In essence these people feel that we are facing a crisis of confidence which endangers quite seriously our position. This is based on the absence of any sharp and definite followup action since the Secretary’s statement. However this feeling of letdown is the greater because the President’s speech had had such a large readership and television following and had evoked such widespread public acceptance as a promise of firmness. I have not been impressed by German complaints of the lack of display of US military presence since sector borders were closed. I realize also that the longstanding belief that US support is the main and only German protection makes them impatient of our desire to act in concert with NATO Allies. Taking into account these prejudices and discounting numerous emotional arguments which have been made to me I am nevertheless convinced that what is described as the surrender of East Berlin to Ulbricht with all that this immediately implies has been a shock so severe that it can gravely affect our future relations, first, with the city of Berlin and its leaders, and second with the Federal Republic once the extent of the disillusionment here is recognized in Bonn.


Comment: I anticipate Berliners will label our Aug 15 letter of protest belated and tepid. No one here asking large violent action, merely some action, some proof this is not “another sample of `Hitler’s take over of Rhineland'”. I think the timetable for this crisis has been stepped up very considerably and there is real danger that Berliners will conclude they should take themselves, their bank accounts and movable assets to some other place. What is in danger or being destroyed here is that perishable commodity called hope. [my emphasis]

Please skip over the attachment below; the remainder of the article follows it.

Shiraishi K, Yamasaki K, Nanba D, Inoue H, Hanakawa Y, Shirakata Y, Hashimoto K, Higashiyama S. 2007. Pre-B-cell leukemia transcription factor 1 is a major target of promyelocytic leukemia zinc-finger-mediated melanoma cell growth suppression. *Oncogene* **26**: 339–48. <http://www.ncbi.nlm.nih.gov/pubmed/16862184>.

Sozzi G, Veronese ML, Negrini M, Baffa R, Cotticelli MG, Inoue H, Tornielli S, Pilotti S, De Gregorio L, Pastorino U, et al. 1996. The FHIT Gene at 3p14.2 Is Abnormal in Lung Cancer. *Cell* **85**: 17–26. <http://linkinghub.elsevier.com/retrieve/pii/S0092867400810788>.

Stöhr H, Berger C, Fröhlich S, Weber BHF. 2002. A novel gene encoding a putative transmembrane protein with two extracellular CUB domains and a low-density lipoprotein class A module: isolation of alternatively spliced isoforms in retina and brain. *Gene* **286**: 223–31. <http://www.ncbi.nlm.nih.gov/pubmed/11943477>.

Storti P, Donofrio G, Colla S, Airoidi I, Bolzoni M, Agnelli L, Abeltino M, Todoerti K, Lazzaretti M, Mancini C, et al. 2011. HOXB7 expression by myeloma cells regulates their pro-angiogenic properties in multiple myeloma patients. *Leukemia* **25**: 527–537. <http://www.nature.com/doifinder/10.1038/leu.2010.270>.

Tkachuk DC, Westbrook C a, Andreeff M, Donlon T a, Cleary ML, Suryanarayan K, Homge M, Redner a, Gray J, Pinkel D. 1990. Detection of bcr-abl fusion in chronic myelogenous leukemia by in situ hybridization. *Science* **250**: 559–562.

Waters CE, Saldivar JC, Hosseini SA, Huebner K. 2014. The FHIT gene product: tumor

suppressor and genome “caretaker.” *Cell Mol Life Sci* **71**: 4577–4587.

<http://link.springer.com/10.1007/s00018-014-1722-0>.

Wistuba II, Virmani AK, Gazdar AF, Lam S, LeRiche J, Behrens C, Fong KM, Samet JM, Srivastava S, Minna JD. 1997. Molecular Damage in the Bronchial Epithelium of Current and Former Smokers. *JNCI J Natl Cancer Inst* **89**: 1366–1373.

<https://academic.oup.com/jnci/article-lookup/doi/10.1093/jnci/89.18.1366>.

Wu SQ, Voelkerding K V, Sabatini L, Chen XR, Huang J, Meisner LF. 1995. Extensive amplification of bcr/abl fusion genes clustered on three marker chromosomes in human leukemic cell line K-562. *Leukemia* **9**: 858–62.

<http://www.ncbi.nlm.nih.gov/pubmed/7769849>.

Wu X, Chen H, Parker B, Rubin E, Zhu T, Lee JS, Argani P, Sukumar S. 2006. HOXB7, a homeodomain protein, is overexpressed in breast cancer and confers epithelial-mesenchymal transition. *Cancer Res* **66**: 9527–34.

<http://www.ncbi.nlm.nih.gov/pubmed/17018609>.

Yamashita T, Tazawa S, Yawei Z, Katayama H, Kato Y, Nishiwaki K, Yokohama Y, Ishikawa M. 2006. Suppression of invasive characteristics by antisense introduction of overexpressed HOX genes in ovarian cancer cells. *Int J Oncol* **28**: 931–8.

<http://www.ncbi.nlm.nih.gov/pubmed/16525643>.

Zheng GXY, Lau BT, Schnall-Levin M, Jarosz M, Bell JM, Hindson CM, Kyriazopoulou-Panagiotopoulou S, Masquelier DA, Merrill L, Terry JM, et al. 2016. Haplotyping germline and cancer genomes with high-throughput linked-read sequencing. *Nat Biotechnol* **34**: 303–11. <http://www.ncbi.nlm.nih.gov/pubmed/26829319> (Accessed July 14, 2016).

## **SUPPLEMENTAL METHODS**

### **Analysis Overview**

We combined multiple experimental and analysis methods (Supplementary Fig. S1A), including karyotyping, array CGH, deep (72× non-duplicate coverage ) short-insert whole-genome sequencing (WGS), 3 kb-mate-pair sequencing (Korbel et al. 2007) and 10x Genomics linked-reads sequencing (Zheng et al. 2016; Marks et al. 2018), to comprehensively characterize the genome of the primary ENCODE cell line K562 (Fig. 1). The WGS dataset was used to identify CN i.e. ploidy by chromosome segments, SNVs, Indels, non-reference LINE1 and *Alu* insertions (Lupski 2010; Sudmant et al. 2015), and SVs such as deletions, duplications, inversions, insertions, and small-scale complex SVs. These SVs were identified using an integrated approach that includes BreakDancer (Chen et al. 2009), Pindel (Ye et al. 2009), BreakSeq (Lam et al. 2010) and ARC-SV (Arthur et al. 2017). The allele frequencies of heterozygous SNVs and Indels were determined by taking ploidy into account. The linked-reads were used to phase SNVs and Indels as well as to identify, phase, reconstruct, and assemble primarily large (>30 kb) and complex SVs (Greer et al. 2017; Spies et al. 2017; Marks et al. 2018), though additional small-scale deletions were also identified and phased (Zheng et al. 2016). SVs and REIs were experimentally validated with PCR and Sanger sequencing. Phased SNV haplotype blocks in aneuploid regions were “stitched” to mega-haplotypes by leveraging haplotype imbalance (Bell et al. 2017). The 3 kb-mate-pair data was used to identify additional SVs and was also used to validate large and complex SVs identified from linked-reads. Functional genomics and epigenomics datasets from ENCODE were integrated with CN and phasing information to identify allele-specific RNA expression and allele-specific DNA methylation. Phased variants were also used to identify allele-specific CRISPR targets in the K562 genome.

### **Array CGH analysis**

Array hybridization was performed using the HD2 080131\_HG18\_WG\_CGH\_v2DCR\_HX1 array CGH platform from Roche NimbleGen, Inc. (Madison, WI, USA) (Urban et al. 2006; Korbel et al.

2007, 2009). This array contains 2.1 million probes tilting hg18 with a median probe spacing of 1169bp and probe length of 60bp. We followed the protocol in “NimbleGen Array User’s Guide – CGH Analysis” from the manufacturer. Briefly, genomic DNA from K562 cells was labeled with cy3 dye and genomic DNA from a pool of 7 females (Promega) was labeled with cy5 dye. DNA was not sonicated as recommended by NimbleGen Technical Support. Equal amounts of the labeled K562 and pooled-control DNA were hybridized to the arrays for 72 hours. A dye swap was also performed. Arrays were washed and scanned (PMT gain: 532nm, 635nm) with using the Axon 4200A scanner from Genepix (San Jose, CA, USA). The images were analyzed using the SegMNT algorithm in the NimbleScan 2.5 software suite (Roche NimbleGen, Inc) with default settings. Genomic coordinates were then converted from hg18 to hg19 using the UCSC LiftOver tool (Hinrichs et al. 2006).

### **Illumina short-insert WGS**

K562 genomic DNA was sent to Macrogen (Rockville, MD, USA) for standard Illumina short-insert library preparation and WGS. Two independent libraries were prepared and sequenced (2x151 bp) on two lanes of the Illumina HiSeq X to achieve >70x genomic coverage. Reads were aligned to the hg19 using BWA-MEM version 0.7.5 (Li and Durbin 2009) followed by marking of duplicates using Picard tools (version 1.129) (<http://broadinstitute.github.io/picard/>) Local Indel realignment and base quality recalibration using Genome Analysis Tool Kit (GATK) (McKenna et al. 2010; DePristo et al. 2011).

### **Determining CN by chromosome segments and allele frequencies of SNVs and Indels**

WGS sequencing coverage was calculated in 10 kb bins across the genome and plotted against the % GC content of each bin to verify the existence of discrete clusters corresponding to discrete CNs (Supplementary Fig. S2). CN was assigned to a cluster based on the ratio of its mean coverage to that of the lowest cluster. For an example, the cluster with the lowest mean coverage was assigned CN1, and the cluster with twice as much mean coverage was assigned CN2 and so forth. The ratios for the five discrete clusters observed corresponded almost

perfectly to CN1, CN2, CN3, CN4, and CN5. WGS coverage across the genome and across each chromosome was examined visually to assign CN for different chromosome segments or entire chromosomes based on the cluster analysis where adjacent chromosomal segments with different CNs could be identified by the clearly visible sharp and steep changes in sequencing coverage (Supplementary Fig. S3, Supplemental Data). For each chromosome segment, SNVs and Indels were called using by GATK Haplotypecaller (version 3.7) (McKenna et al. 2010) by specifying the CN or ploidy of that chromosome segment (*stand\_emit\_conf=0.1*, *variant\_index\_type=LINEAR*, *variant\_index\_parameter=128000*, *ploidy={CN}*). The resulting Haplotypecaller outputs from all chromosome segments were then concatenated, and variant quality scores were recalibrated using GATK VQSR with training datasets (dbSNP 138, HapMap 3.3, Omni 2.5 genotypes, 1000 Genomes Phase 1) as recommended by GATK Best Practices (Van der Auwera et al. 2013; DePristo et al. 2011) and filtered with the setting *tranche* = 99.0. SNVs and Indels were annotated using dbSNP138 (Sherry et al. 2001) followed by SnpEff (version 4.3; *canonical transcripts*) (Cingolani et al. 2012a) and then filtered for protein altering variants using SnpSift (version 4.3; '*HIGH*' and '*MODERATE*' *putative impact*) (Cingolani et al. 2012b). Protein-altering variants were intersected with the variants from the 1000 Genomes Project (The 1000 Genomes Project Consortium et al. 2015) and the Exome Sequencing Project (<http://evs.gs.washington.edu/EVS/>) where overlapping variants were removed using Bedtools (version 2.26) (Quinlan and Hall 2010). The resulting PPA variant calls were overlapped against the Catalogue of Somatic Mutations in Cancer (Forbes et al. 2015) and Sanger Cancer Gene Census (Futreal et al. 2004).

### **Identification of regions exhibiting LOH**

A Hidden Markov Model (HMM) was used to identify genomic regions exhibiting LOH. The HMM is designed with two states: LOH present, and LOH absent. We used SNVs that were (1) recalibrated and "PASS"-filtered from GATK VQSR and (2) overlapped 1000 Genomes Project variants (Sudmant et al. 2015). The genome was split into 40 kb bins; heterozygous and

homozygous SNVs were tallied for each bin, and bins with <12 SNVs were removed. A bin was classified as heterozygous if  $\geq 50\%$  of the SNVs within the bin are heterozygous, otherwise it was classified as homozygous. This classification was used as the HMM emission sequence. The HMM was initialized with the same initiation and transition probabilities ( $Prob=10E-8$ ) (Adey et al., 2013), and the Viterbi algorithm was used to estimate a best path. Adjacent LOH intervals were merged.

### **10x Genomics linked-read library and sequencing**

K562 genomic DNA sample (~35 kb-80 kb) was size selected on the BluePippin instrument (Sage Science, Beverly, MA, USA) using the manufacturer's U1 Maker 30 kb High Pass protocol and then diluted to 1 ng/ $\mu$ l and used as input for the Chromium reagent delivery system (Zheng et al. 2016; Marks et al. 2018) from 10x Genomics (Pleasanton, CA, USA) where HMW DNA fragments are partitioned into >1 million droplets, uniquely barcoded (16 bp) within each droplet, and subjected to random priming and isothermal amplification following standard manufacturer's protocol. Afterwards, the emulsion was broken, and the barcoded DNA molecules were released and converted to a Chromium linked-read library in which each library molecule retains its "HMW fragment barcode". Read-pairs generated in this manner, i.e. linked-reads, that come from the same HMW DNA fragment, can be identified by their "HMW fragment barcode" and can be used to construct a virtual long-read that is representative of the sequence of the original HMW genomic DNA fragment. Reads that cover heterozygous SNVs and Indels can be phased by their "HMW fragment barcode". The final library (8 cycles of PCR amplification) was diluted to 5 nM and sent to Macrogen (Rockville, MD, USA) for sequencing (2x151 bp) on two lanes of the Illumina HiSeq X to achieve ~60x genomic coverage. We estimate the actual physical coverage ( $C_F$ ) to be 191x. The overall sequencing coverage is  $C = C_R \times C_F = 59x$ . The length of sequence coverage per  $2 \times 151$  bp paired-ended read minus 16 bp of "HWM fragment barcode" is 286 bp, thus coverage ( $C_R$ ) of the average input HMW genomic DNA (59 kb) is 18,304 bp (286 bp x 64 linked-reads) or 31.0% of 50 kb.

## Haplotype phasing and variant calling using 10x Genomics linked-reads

Berlin Mayor and future German Chancellor Willy Brandt wrote to President Kennedy personally on 16 August to express his doubts about western reactions to the crisis:

This development has not changed will to resist of West Berlin population, but has tended to arouse doubts as to determination of three powers and their ability to react. In this connection the decisive factor is that the West has always specifically invoked the existing Four-Power status.


[I] recollect not without bitterness declarations rejecting negotiations with USSR on basis one should not negotiate under pressure. We now have state of accomplished extortion, and already I hear it will not be possible turn down negotiations. In such situation, when possibility of initiative for action is already so small, it is all the more important at least to demonstrate political initiative.

Among those located in Washington, you can see as early as 14 August, the day after construction began, the beginnings of the treatment of the event as a fait accompli as shown in McGeorge Bundy’s summary of his discussions with others:

The Department’s proposal for a riposte is likely to be the ending of the travel permits which have been issued by the three powers in West Berlin to East Germans who want to visit allied or neutral countries. This was used a year ago in response to East German harassment of civilian traffic, and it worked well. No one thinks it will cause a reversal of policy this time, in the light of the much more serious causes of this much larger action. But it is argued that it will give some pain, since it will cut off East German access to allied countries and to those neutral nations which play along.